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Fengshui vs. Sustainability

Updated: May 21, 2023


Feng Shui is essentially a sophisticated body of knowledge, akin to big data, gathered by ancient Chinese scholars. This knowledge analyzes the relationship between natural and built environments, and its implementation, typically carried out by specialized experts known as Feng Shui Masters, brings tranquility, boosts productivity, and enhances fortune for individuals.

While Feng Shui is deeply ingrained in Chinese culture, the scientific principles underpinning it are not widely known, with some aspects still shrouded in mystery.


I recall a project in southern China that was highly praised by a renowned Feng Shui master after we suggested some adjustments to the site-building layout. This positive feedback piqued my interest in the intersection of Feng Shui and scientific principles.


Historically, our ancestors designed cities and buildings with larger windows facing the summer sun and smaller ones facing the winter sun. These strategies were implemented to guard against rain splash and strong winds, allow natural ventilation, prevent fires, stay close to water and nature, avoid sources of pollution, and enjoy convenient transportation. All these aspects align seamlessly with our modern understanding of sustainable living.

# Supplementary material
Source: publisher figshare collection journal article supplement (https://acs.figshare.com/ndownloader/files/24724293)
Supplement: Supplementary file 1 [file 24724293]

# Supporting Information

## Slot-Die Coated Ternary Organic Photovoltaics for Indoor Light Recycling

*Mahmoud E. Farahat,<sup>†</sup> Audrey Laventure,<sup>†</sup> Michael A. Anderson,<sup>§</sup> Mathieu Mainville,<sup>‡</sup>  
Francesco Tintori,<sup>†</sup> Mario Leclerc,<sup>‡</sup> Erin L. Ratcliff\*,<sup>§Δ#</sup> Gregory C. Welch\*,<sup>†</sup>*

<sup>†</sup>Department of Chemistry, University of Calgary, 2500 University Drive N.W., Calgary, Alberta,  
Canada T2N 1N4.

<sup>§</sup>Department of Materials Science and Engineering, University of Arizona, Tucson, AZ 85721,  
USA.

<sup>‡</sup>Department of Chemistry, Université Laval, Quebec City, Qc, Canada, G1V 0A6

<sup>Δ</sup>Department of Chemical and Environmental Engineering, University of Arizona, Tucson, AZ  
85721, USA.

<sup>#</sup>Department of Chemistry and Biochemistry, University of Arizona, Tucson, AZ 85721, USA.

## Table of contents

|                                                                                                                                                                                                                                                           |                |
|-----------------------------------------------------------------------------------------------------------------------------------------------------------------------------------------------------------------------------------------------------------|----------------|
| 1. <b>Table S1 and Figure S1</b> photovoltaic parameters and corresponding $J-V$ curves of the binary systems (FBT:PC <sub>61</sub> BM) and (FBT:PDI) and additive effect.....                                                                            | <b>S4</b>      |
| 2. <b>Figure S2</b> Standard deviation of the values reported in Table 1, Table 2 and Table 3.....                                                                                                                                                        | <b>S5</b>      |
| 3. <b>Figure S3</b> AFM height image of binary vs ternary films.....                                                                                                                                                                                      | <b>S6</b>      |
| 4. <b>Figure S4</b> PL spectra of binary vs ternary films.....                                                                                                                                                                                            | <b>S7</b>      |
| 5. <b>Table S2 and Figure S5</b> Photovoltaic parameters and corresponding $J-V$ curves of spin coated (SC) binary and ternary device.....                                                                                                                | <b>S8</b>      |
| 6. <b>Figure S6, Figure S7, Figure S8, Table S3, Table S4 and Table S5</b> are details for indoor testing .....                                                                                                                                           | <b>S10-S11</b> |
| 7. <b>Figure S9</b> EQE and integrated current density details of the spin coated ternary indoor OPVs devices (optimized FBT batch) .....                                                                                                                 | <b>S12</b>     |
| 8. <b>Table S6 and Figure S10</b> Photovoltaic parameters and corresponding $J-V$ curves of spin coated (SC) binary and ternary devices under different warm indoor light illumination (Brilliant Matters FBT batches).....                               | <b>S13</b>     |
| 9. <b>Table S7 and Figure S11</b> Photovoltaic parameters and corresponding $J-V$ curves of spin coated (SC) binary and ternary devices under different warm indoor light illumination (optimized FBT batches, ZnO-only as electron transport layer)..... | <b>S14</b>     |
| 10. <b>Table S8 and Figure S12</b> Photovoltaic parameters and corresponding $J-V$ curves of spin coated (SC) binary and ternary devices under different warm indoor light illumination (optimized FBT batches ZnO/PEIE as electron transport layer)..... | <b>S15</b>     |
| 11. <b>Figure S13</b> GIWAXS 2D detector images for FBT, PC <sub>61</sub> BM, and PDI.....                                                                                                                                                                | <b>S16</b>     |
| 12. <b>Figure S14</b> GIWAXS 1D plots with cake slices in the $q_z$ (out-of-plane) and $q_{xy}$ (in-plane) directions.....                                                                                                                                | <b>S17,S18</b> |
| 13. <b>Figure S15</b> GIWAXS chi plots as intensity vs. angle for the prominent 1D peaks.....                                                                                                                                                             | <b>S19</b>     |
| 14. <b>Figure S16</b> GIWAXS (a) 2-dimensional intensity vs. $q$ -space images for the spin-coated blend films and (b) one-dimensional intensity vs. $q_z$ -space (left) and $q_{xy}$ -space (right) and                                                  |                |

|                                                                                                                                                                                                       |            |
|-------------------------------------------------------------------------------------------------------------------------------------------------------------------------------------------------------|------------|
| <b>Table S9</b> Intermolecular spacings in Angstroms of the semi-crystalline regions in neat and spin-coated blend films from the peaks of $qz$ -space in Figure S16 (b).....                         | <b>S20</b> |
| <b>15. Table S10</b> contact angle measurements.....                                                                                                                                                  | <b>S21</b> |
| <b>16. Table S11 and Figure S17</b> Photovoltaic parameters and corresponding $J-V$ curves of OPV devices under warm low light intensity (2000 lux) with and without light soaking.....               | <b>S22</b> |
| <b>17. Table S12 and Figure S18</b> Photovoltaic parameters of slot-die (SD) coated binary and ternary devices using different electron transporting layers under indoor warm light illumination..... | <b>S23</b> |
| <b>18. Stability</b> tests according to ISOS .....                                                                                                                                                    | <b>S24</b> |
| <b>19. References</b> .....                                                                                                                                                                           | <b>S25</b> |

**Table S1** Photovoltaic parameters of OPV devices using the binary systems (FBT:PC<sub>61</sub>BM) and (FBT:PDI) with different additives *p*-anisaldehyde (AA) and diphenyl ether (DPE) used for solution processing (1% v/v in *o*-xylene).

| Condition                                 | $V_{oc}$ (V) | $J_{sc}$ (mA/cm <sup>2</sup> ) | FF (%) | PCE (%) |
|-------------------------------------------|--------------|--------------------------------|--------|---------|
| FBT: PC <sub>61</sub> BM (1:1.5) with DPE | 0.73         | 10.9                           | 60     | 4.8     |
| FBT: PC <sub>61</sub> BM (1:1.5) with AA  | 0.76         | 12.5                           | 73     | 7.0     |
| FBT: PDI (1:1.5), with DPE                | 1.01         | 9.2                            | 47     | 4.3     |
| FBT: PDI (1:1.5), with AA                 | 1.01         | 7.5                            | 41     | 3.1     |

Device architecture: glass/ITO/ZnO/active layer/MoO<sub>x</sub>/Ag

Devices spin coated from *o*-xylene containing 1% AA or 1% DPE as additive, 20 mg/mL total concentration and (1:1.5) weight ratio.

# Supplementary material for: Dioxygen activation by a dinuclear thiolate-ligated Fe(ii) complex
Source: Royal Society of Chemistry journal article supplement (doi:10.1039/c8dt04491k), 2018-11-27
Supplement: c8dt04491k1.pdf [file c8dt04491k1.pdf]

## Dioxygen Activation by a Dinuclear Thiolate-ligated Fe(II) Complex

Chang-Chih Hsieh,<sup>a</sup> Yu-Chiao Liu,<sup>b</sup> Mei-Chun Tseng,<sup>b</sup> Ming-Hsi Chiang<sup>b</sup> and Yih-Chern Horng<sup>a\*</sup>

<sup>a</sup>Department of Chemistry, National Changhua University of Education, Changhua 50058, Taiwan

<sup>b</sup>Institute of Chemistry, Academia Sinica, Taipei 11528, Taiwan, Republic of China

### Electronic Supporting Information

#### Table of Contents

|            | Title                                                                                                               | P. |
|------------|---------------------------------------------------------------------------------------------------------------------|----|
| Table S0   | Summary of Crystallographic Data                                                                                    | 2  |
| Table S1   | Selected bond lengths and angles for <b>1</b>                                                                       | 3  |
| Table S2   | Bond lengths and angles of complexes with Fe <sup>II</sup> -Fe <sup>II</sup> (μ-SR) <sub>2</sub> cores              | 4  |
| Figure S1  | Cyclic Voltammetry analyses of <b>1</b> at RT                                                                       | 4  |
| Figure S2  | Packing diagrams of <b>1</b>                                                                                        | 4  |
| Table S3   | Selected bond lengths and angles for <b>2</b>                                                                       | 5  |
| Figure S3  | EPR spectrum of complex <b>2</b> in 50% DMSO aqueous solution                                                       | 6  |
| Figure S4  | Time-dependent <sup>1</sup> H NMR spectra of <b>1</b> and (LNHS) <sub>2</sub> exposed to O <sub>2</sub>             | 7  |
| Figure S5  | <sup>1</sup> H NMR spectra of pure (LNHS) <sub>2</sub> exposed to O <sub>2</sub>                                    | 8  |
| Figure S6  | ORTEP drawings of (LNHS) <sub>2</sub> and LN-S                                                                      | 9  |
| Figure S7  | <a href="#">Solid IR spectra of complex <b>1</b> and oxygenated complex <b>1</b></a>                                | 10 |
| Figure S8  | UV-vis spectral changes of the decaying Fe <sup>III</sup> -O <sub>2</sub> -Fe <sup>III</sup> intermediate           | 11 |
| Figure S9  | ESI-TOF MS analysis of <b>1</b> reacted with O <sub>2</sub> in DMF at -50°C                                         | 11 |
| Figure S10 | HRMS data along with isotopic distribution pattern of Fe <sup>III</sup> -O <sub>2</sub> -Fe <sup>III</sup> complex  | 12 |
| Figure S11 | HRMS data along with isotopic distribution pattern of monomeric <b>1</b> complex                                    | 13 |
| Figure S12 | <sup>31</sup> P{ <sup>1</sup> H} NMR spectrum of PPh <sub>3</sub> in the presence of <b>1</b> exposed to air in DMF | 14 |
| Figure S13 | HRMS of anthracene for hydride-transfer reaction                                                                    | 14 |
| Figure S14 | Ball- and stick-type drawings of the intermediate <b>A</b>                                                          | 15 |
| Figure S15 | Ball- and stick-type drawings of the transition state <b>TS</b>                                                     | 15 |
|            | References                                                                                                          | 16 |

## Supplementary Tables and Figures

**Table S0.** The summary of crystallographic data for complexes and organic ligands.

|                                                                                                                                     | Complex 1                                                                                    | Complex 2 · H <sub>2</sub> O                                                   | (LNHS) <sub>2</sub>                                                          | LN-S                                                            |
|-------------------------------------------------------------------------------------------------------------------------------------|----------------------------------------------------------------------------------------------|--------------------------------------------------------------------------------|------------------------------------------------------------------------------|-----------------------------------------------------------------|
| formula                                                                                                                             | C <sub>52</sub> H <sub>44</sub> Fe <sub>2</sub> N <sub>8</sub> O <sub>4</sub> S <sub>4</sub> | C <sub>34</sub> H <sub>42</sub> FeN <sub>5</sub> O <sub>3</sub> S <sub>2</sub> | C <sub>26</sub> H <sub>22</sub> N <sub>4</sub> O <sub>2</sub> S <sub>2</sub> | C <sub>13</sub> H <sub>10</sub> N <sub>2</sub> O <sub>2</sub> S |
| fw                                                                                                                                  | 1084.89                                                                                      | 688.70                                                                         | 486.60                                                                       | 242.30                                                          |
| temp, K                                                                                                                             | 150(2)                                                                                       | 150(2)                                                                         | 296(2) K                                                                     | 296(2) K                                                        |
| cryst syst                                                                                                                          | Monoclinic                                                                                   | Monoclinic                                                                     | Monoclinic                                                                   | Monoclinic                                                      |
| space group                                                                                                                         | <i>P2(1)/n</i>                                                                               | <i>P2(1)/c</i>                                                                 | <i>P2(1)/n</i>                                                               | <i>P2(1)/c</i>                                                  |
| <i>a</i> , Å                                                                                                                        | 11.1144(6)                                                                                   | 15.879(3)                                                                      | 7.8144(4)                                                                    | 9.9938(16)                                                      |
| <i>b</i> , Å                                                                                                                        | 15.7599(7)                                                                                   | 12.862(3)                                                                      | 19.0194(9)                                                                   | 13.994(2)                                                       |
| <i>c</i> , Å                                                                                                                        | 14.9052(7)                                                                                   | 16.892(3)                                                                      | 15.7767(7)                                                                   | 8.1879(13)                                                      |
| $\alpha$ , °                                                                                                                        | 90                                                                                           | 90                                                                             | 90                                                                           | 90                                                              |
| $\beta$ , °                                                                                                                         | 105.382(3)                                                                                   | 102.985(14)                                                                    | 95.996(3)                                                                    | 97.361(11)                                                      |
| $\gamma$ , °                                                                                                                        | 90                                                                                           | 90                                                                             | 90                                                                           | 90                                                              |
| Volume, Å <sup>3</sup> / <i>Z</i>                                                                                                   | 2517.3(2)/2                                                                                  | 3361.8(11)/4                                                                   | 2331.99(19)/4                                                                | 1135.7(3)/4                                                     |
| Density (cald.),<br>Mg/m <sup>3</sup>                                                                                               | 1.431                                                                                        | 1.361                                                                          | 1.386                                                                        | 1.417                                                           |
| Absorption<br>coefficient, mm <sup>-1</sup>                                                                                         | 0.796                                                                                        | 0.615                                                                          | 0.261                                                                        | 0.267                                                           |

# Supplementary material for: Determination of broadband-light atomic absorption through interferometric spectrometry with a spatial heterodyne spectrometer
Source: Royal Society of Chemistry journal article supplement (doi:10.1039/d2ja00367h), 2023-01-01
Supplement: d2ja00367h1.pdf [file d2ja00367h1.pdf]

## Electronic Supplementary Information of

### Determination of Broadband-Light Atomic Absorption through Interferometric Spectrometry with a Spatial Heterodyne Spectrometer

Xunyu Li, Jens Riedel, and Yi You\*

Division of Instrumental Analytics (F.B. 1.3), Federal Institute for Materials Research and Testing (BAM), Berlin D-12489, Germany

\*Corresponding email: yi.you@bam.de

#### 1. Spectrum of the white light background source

In essence, Feng Shui masters are akin to scientists as they consider a multitude of disciplines including geophysics, hydrogeology, cosmic astrology, meteorology, environmental landscape science, architecture, ecology, and human life informatics. This multidisciplinary approach might be why Feng Shui is often seen as mysterious. In this article, I aim to align Feng Shui principles with sustainability knowledge. Please note that this article only covers those aspects of Feng Shui theory that can be explained by science. For further consultation related to Feng Shui, please engage a certified Feng Shui master.


Feng Shui principles deal with good energy (qi), bad energy (sha), and the use of objects to manipulate these energies. The foundational elements of Feng Shui are the four compass points: North, South, East, and West.


The four compass points



Each compass point is represented by a different symbol in Feng Shui:







North is symbolized by a black turtle with a snake on its back, called Xuan Wu 玄武. It represents water and winter, a time for collection and storage. Thus, this is viewed as the "back" of our homes and should be designed high. From a sustainability perspective, the project site should shield against the cold winter wind, hence the design should be "closed" to block this wind.


South is represented by a red finch or Phoenix, called Zhu Que 朱雀. It symbolizes fire and summer, a time for openness and warmth. Hence, the south side should be an open space, welcoming fortune and promoting wealth. In sustainable design strategy, the project will typically open the south or southeast side to channel wind into the development for better ventilation, creating a comfortable outdoor environment for occupants.


East is represented by a green dragon, called Qing Long 青龙, symbolizing wood and spring, the beginning of life in China. In sustainable design, the morning sun is at the East and the afternoon Sun is at the West. The afternoon sun is hot and accumulates heat in the development, which should be shaded to prevent heat gain during summertime.